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Hospital Readmission Rates Linked With Quality of Surgical Care
Reducing hospital readmission rates is an important clinical and policy priority, but whether those rates really measure the quality of hospital care isn’t clear. In a new study, researchers at the Harvard School of Public Health found evidence of a relationship between surgical readmission rates and the quality of surgical care.
The findings provide an opportunity for policymakers to improve surgical quality and to decrease readmission costs, and supports plans by the Centers for Medicare and Medicaid Services to expand its readmission penalty program to include surgical procedures.
“Our findings suggest that focusing on surgical readmissions may be a smart policy approach to both improving care and reducing unnecessary spending,” said senior author Dr. Ashish Jha.
The new study appears in the Sept. 19 issue of the New England Journal of Medicine.
The researchers calculated 30-day readmission rates using Medicare data for six major surgical procedures: coronary-artery bypass grafting, pulmonary lobectomy, endovascular repair of abdominal aortic aneurysm, open repair of abdominal aortic aneurysm, colectomy, and hip replacement. The study cohort consisted of 479,471 discharged patients from 3,004 hospitals in the U.S. who underwent one of the six procedures.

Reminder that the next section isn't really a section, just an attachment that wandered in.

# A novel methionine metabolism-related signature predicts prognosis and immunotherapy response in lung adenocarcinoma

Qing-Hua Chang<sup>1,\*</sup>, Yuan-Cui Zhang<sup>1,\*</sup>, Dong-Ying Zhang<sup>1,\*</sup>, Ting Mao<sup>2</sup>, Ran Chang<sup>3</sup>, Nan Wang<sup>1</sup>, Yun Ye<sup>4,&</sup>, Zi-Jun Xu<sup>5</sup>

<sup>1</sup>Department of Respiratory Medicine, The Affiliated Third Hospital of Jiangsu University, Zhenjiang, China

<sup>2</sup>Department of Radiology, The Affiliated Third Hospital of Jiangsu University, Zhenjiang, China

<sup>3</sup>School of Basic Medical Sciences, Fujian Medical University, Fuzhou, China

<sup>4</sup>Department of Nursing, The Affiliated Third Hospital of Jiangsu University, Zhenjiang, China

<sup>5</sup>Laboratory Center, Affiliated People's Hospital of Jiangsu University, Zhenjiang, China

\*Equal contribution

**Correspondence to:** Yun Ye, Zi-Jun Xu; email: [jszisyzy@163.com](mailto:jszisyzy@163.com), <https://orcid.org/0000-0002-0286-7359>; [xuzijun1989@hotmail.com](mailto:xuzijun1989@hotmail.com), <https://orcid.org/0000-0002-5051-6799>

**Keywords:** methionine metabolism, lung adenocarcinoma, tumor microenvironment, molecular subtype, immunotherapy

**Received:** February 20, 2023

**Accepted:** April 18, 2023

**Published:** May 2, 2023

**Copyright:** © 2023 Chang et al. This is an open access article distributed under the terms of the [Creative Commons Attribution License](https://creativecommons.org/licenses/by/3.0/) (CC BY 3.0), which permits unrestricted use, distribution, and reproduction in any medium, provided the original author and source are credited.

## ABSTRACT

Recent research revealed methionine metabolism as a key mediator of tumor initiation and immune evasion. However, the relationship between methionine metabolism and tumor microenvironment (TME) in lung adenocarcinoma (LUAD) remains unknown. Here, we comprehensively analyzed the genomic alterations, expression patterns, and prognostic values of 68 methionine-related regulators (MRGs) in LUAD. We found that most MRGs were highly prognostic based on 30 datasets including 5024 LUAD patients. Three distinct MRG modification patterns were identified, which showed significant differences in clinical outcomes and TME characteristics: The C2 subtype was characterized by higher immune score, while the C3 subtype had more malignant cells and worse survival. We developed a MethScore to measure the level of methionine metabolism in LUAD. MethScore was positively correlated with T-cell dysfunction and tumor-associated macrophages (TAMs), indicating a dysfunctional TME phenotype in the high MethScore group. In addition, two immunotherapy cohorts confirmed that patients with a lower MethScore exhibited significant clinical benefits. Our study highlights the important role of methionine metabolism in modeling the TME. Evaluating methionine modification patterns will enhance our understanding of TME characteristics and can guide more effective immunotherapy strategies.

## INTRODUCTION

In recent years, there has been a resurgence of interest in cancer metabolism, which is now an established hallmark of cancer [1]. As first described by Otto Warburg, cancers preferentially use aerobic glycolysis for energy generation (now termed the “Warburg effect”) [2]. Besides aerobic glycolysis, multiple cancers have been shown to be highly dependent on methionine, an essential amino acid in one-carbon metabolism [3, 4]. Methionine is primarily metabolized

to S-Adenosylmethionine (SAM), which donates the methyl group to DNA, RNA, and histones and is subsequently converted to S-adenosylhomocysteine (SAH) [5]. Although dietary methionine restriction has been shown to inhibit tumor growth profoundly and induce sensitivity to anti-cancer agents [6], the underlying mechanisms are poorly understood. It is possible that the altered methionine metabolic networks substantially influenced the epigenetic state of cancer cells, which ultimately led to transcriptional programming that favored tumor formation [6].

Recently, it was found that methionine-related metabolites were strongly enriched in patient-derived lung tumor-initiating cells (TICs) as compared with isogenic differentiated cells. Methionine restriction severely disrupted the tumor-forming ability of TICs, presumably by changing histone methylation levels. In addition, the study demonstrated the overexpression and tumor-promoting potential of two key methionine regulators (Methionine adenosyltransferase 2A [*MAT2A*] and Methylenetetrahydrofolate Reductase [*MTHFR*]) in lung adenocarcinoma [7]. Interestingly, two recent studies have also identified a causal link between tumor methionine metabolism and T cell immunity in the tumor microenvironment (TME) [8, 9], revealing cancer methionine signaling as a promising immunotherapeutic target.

The results showed that approximately one in seven discharged patients was readmitted within 30 days. Hospitals with the best performance on two well-established measures of hospital surgical quality — surgical volume and 30-day mortality rates — had much lower readmission rates than other hospitals. For example, hospitals in the highest quartile for surgical volume had a significantly lower readmission rate than hospitals in the lowest quartile (12.7% vs. 16.8%, respectively). Hospitals with the lowest surgical mortality rates had a significantly lower readmission rate than hospitals with the highest mortality rates (13.3% vs. 14.2%, respectively).
According to the authors, the new findings provide evidence of a strong relationship between surgical quality and readmissions and could encourage hospitals to focus on making surgical care better.
“The findings are good news for policy makers and the public health community as a way to reduce health care spending and to improve outcomes for surgical patients,” said lead author Dr. Thomas Tsai.
Source: Harvard School of Public Health; September 19, 2013.